A Bridge Too Near? Why the BridgeTex Pipeline Doesn’t Solve Permian Crude Discounts

The September 29, 2014 opening of the BridgeTex pipeline – 5 months later than expected - between Colorado City in the Permian Basin and Houston was expected to bring immediate relief to West Texas producers with crude stranded by a lack of pipeline takeaway capacity. In the past year those producers have had to eat price discounts of $14/Bbl or more in order to find space on crowded pipelines. But although BridgeTex has provided some relief, the congestion will continue until early next year. Today we explain why.

The 300 Mb/d BridgeTex crude pipeline running approximately 400 miles from Colorado City in the eastern part of the West Texas Permian Basin to the Gulf Coast at Houston, came online at the end of September 2014. The pipeline is operated by Magellan Midstream Partners LP (Magellan) and is owned jointly by Magellan and producer Occidental Petroleum (Oxy). Construction started in 2012 and the pipeline cost about $1 Billion to build. The project includes 1 MMBbl of storage capacity at the Colorado City end and 1.4 MMBbl of storage at the Magellan East Houston Terminal. At the Colorado City origination of the pipeline there are connections for crude to flow into BridgeTex from pipelines that run between Midland, TX and Colorado City (more on these in a minute). At the Houston destination, shippers can connect through the Magellan pipeline network to refineries in Texas City as well as on the Houston Ship Channel (about 2.2 MMb/d of refining capacity). Shippers can also connect to the westbound Shell Ho-Ho pipeline to reach refineries in Beaumont, Port Arthur and on the Louisiana Gulf Coast. BridgeTex is designed to ship two grades of light sweet crude – West Texas Intermediate (WTI) and West Texas Sour (WTS). These two grades can be segregated en-route to Houston by a batch system (see You Can’t Always Get Out What You Put In for more on batch operations). Most of the BridgeTex pipeline capacity has been contracted to long term shippers – including anchor shipper Oxy, but there is still capacity available for “walk-up” customers.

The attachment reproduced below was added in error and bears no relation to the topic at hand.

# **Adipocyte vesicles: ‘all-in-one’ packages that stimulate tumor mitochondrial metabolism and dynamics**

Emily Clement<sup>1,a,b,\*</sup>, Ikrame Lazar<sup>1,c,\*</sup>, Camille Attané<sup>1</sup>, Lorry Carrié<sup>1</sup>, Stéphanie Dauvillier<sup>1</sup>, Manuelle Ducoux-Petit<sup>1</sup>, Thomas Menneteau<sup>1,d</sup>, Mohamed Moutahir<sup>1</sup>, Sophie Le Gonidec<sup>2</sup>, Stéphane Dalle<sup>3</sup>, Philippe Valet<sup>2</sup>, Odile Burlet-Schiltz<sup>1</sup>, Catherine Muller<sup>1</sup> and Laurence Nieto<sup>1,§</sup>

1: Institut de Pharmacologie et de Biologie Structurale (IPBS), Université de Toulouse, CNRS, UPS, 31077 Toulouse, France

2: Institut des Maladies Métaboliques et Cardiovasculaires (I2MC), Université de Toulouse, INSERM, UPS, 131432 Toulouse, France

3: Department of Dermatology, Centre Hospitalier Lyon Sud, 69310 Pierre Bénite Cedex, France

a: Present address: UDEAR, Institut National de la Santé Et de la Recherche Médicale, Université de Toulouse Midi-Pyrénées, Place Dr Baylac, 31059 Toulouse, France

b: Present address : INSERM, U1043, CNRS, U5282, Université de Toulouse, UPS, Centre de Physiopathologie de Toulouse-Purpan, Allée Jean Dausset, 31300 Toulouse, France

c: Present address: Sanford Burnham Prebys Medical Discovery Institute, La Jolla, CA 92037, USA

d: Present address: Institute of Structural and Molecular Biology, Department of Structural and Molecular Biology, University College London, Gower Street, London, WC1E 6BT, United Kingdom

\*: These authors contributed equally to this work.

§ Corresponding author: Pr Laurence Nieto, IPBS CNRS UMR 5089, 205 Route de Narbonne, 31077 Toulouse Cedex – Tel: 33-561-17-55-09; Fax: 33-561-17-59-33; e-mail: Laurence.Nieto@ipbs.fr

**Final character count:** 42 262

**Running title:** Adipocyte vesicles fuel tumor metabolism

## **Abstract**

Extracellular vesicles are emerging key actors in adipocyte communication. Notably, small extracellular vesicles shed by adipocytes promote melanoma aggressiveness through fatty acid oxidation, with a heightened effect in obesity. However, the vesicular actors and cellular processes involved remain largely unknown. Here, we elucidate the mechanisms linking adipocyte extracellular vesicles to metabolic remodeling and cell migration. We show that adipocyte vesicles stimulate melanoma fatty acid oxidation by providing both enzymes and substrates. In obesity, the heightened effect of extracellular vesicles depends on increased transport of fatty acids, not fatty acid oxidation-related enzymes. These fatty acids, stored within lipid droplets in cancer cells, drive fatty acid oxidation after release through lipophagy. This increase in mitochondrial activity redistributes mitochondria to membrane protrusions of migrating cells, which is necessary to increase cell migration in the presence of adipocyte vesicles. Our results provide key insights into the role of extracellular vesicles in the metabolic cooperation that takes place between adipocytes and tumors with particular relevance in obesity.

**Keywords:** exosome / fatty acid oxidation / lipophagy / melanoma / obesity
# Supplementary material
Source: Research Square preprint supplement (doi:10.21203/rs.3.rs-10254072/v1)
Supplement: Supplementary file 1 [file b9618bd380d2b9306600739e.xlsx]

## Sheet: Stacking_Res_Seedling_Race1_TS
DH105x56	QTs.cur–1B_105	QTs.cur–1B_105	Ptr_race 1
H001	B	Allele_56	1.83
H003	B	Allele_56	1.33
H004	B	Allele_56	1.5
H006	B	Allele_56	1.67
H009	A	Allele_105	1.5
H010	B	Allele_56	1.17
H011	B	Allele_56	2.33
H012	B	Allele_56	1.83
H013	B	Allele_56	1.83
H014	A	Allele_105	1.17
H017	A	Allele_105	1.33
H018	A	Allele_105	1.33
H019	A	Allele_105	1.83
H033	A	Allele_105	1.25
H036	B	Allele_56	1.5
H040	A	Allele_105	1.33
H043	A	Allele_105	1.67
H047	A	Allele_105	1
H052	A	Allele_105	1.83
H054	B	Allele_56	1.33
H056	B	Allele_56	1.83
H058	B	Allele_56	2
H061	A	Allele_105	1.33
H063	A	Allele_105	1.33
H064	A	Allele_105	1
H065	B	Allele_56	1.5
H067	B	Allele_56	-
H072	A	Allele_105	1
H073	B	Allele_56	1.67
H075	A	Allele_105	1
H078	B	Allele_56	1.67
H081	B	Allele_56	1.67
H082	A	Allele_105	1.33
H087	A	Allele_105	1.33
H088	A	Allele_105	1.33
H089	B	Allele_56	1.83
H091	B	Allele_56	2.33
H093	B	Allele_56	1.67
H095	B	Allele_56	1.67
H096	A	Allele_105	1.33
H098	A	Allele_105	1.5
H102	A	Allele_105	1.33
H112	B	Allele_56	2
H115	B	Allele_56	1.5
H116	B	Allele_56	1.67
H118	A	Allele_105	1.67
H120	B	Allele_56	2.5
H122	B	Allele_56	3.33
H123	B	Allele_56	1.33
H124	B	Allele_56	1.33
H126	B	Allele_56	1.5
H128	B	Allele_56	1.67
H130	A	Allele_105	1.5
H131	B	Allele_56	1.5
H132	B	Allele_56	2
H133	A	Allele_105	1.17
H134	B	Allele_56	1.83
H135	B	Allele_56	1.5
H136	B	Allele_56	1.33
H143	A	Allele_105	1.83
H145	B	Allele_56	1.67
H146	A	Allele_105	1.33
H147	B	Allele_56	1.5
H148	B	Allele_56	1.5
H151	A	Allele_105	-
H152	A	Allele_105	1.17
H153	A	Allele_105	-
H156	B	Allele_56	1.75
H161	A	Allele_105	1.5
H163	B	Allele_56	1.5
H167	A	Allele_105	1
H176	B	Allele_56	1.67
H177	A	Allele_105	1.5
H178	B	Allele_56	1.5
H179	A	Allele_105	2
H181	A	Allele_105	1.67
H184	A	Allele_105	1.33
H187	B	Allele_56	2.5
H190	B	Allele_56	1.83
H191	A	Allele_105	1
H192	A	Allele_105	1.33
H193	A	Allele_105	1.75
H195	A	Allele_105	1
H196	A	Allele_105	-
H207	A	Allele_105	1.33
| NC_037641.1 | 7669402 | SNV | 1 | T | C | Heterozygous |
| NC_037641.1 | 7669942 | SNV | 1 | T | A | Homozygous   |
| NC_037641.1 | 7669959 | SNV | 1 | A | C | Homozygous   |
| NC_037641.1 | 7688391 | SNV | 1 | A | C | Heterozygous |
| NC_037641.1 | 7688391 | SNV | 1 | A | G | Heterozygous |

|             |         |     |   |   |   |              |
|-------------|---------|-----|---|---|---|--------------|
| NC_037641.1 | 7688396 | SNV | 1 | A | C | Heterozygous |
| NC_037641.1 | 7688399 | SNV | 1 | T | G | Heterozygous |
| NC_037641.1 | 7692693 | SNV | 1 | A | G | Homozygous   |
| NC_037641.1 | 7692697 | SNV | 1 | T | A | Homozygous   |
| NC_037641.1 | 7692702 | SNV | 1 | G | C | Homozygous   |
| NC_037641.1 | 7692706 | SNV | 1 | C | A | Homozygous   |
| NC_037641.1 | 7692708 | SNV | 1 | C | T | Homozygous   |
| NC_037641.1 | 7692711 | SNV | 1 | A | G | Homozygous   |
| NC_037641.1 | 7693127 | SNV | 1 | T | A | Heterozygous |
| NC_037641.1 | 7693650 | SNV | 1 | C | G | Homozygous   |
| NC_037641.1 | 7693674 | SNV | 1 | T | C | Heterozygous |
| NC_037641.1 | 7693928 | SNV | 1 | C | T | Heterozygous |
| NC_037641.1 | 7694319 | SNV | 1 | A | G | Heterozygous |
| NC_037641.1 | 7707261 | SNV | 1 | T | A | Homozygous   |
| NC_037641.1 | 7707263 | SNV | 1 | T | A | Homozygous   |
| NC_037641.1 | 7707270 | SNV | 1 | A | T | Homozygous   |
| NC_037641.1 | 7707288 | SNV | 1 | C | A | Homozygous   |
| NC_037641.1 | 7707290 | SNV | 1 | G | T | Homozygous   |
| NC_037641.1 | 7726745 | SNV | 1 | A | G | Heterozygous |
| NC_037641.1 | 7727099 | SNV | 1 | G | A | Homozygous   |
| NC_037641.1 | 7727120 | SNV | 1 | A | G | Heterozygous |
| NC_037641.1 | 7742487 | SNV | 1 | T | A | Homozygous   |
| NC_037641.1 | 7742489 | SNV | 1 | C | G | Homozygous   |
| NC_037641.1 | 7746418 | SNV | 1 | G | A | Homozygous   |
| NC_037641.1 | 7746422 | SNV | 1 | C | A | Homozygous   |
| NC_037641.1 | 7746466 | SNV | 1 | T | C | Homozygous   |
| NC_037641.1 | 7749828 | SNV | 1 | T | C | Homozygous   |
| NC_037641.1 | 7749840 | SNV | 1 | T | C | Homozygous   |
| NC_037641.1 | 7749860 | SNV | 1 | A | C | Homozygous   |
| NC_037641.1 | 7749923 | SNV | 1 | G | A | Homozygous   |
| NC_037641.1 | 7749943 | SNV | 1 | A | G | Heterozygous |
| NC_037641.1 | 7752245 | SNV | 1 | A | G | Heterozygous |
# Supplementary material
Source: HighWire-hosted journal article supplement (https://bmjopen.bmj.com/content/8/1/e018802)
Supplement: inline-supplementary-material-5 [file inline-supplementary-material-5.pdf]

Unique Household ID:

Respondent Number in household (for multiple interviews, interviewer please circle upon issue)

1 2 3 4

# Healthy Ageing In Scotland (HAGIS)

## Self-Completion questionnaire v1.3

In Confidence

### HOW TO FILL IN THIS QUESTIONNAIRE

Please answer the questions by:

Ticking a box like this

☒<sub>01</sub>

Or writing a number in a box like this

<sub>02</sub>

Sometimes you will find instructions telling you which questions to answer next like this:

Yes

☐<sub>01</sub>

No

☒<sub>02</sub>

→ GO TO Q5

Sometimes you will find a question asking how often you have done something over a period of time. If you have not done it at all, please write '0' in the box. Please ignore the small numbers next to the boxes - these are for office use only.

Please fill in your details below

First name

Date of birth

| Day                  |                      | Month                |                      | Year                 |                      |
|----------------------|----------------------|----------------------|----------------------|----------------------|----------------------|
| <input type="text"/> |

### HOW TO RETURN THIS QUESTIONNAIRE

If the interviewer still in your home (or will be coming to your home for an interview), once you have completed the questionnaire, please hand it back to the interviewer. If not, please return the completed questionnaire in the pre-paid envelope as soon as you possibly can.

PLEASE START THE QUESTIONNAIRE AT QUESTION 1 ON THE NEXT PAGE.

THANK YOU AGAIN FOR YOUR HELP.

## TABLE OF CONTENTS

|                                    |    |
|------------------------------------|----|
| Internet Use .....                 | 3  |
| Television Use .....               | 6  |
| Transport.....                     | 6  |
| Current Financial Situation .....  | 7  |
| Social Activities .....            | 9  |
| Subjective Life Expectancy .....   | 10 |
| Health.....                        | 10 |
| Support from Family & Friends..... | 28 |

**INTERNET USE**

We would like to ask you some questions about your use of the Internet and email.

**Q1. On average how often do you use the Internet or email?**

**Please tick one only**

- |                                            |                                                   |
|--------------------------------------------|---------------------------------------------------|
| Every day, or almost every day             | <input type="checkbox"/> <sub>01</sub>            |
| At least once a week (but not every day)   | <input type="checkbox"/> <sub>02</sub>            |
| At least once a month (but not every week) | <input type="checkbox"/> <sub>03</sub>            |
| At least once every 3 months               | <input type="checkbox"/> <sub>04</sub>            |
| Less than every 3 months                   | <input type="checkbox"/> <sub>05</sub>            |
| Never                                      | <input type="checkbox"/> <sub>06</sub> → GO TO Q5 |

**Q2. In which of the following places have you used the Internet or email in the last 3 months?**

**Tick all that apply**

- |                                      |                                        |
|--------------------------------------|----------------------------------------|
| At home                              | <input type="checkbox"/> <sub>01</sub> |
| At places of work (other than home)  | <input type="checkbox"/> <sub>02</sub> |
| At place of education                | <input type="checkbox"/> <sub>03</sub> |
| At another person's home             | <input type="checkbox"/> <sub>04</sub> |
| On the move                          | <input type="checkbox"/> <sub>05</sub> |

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BridgeTex is the second of four major pipeline projects developed to transport crude from the Permian Basin direct to the Gulf Coast. First was the Magellan Longhorn pipeline (a reversed products pipeline that previously ran from Houston to El Paso) - online in 2013 that runs from Crane, TX in the western part of the Permian, to Magellan’s East Houston terminal. Longhorn pipeline capacity has been expanded since it opened to now ship as much as 275 Mb/d of crude. In addition to BridgeTex, pipeline capacity from the Permian to the Gulf Coast will be increased in Q2 2015 by the 200 Mb/d Sunoco Permian Express II pipeline from Crane to Nederland, TX and the Plains Cactus pipeline from McCamey, TX to Gardendale, TX in the Eagle Ford Basin. Before all this new construction, three “legacy” pipelines  – the Plains Basin, Sunoco Logistics West Texas Gulf and the Oxy Centurion - delivered the majority of Permian crude into the Cushing/Midwest region rather than the Gulf Coast.

RBN estimates that crude oil production in the Permian has reached about 1.75 MMb/d today (October 2014) – up about 0.5 MMb/d since January 2013 and in our base case is expected to increase by another 750Mb/d to 2.5 MMb/d in 2020. (We see the possibility of a 3.0 MMb/d upside case, but let’s not worry about that for right now.) Most current drilling activity in the play is centered on the Delaware and Midland basins. Generally speaking, producers in the Permian are getting better than expected results and initial production rates are high. The result is a growing need for infrastructure like the BridgeTex pipeline to get crude to market. And as we discussed in a blog post last March, there have been frequent gaps between rising production and crude takeaway capacity over the past year – leading to producers at the Midland crude hub in West Texas having to swallow big discounts for their crude whenever pipeline space gets tight (see Eight Bucks Low in the Permian). The crude takeaway stack in Figure #1 shows the current tight balance between production (blue solid line) and local crude demand and pipeline takeaway capacity (the shaded stack). We have previously gone through all the elements in this stack (see Come Gather ‘Round Pipelines Part 1) but note here in particular the red shaded area in the stack that represents BridgeTex. Originally the pipeline was expected online in June 2014 but its opening was delayed by 5 months until the end of September. During that time production out stripped takeaway capacity (the gap to the left of the black dotted line). As a result, producers looking to ship stranded barrels to market have anxiously awaited the opening of BridgeTex.

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